Caribbean, even in Georges Bank off the east coast of the United
States when areas were closed to scallop fishing, the scallop vessels
started to fish very close to the reserve boundaries within only
a few years of them being protected. What we're seeing is that fishers
are sampling their environment and finding the places that are good
for catching fish. And those places are, not surprisingly, close
to reserves because the fish stocks are bigger in those areas.
Can you speak to the fact that there is absolute scientific evidence
that there is a spillover effect?
There are a
lot of people who say that the science is not sufficient yet to
embark on a program of establishing marine reserves. But we know
that marine reserves work under a very wide range of conditions.
They've worked under a range of different environments, from temperate
to tropical; even the Polar Regions have been tested now.
worked across a range of fisheries. They've produced benefits to
small-scale fisheries; they've produced benefits to large-scale
industrial fisheries. The success of reserves is not contingent
upon a geographical region or to kinds of fish that you are trying
to protect or the habitats that you're trying to protect.
Because we have
this body of experience now, which is very, very large and it's
detailed, we know that we can set up reserves that will work by
just following a few straightforward principles. It's possible to
design them for any circumstances and to expect to see benefits
within only a few years.
What we can
be very clear about is that if we don't set up reserves we will
see continuing declines in fish stocks. The tools that we use to
manage fisheries today don't work. We need to provide alternatives
that are robust, which treat the ocean environment as an ecosystem,
rather than trying to pick out individual species and pretend that
they can be managed separately. We need tools that build insurance
into the management process so that there are still fish stocks
remaining if we make mistakes. And if we have fish stocks after
we make mistakes we can expect to see recovery of fishery productivity
much more frequently.
are a necessary part of fishery management today. To respond to
the criticisms that there isn't enough science, there is. There's
a great deal more than we found out about reserves recently. More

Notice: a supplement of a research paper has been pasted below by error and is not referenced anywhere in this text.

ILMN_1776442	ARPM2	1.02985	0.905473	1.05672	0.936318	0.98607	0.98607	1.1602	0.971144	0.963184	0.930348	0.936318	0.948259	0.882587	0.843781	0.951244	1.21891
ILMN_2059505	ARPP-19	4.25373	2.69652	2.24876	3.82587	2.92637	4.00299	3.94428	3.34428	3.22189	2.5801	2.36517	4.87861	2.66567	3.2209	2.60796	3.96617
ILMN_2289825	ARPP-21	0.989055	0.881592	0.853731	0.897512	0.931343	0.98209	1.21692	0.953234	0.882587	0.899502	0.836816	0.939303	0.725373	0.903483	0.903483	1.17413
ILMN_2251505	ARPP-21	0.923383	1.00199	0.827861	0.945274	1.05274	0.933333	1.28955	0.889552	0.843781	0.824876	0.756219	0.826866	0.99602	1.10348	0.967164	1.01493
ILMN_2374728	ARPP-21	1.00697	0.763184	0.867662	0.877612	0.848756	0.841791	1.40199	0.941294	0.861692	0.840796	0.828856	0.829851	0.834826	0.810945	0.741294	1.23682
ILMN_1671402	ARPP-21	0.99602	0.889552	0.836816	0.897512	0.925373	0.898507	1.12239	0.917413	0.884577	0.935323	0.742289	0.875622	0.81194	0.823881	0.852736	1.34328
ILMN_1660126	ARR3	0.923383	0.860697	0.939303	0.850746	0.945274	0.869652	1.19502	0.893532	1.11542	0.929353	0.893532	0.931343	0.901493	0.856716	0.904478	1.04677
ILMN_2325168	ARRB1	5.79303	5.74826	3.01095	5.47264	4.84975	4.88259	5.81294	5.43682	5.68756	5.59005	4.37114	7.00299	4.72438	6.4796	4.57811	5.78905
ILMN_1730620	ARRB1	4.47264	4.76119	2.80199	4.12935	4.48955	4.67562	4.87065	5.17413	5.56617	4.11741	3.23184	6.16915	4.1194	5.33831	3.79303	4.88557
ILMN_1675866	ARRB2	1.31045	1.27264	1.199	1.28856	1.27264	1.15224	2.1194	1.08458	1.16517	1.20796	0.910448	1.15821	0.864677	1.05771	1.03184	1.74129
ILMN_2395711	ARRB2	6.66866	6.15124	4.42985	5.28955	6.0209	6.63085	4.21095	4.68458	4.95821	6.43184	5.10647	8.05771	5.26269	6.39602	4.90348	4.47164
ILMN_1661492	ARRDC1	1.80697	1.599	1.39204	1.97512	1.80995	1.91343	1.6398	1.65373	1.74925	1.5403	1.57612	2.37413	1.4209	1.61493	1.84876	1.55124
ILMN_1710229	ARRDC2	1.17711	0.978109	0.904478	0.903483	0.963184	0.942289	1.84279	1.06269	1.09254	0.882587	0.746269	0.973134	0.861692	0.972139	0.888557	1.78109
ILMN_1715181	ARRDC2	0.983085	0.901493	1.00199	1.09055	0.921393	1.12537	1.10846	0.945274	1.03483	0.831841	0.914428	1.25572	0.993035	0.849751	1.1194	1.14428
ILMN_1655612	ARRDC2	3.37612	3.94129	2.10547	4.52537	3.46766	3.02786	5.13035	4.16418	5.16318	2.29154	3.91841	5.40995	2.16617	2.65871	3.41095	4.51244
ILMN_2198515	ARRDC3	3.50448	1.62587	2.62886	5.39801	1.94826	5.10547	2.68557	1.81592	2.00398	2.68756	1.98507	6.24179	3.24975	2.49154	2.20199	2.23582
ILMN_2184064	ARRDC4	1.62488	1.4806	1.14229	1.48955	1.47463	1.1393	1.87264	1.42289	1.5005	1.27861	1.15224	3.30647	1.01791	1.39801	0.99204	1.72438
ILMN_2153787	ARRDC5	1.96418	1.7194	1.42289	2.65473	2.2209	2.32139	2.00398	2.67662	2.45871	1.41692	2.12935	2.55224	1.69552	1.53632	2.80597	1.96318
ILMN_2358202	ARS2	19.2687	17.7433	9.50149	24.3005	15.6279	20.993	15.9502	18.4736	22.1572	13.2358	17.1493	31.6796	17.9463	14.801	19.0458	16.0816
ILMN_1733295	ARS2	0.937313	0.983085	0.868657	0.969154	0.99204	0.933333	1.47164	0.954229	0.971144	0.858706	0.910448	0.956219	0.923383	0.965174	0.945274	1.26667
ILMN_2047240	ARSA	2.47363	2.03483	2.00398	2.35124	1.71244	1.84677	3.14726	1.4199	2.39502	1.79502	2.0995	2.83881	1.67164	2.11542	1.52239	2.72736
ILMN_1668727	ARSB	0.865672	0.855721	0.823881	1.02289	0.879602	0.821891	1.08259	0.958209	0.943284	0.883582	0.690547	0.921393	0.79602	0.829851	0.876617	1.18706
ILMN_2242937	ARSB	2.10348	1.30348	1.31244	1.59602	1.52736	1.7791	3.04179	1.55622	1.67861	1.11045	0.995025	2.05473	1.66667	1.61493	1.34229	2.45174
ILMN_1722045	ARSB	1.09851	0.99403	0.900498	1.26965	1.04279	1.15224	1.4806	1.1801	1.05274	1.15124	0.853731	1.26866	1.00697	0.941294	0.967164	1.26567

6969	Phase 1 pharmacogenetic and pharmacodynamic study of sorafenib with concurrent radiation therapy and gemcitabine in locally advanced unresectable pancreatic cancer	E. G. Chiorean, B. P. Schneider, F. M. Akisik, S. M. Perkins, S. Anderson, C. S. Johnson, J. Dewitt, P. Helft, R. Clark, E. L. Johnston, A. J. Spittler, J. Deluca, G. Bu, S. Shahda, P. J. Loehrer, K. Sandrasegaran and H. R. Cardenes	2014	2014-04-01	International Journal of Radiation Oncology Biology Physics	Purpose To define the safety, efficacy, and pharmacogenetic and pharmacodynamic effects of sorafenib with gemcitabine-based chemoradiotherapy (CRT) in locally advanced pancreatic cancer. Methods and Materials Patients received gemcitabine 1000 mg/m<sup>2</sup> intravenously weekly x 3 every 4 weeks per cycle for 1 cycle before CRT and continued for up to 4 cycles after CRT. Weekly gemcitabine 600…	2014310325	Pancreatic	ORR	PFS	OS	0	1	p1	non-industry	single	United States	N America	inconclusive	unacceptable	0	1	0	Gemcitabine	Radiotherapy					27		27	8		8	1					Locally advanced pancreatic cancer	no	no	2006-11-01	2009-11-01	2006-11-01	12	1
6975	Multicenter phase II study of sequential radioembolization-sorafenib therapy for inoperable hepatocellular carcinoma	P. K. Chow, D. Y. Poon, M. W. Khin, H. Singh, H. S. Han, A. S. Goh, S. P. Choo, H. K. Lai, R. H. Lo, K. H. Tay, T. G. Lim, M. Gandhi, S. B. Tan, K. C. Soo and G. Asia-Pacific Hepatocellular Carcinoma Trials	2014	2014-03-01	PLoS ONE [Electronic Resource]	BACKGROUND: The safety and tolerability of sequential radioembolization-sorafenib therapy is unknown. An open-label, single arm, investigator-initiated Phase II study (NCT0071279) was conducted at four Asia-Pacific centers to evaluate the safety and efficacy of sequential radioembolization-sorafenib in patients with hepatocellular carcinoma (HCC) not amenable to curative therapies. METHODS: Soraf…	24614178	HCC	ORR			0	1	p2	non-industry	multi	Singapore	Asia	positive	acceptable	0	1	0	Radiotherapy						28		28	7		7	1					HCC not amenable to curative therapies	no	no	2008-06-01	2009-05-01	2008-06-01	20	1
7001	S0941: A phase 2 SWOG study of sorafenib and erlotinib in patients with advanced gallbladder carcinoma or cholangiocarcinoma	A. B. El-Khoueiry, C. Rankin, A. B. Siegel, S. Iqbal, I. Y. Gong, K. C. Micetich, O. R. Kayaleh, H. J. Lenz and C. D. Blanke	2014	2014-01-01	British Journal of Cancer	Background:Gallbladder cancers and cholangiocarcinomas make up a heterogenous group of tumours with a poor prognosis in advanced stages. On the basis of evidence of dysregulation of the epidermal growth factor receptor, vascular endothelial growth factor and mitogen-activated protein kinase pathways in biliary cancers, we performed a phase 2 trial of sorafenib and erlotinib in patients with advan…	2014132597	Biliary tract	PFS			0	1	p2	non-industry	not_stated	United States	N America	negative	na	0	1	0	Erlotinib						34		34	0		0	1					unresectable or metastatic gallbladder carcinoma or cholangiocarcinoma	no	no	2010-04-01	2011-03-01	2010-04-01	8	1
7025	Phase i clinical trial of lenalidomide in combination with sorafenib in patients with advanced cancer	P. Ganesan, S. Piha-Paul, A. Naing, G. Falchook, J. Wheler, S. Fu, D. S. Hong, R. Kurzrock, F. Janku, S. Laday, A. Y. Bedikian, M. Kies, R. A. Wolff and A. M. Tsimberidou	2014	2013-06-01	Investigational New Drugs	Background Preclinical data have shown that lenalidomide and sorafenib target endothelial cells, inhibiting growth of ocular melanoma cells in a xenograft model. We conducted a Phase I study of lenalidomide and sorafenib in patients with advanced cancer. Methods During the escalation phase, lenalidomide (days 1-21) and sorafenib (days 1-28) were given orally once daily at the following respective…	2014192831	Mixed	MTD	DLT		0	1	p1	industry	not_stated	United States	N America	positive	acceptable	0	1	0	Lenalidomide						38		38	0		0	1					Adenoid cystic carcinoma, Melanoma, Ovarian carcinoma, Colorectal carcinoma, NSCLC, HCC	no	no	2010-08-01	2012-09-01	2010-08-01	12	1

than a hundred studies show that they work well in many different
parts of the world.
If we take the
lessons from those studies we can design effective reserves anywhere
that they are needed.
How do the densities of fish inside reserves compare to the densities
of fish outside reserves?
One of the pioneering
marine reserves in the world was the Leigh Marine Reserve off the
north island of New Zealand. Although this reserve is only 5 square
kilometers in size, it's been incredibly important to our understanding
how they work. Within a few years of being established and protected
from fishing there were dramatic changes that began to occur inside
it. Fish stocks began to build up, the uh- densities of spiny lobster
began to build up, and fishers started to recognize that this- this
was a place that they could catch more and they started to fish
the line around the reserve.
has continued over the years and now 24 years after the reserve
was established densities of exploited snapper species are nearly
40 times greater inside the reserve than outside. Densities of spiny
lobsters have been increasing by 5% per year and those benefits
have been spilling over to fisheries surrounding the area.
The Leigh Reserve
has been very important to us because it told us, number one that
we're having a major impact on ocean life through our fishing activities.
That was a surprise. It's been very important because it showed
us that we can reverse that decline if we protect an area from fishing;
it's possible to get things back.
And the third
thing that it's done is to show that we can rally public support
around reserves. When they first suggested the Leigh Reserve in
New Zealand it was dismissed by the fishing industry, by the government,
biologists, decision-makers didn't think it would work and many
people just didn't think there was a need for it.
have changed now. New Zealand has embarked upon a program of creating
a national system of marine reserves because it knows that they
are necessary for the productivity of the fisheries and for conservation.
Can you speak about the biological importance of having larger and
older fish and what that means in terms of dispersal and in the
interest of fishermen?
to have older, larger fish in a population. One thing that's clear
from the ocean environment today is we are seeing long-term oscillations
in conditions. Fish cannot reproduce as effectively throughout all
phases of those ocean conditions. So what we find is that there
are a period of good years where they produce offspring that survive
well and there are long stretches of bad years when they produce
very few that survive.
In order for
a population to persist over the long-term, you need to have long-lived
fish that can get through those periods of lean years and are still
left to reproduce when the good years return. What fishing does
is it compresses the age structure of the population. For example,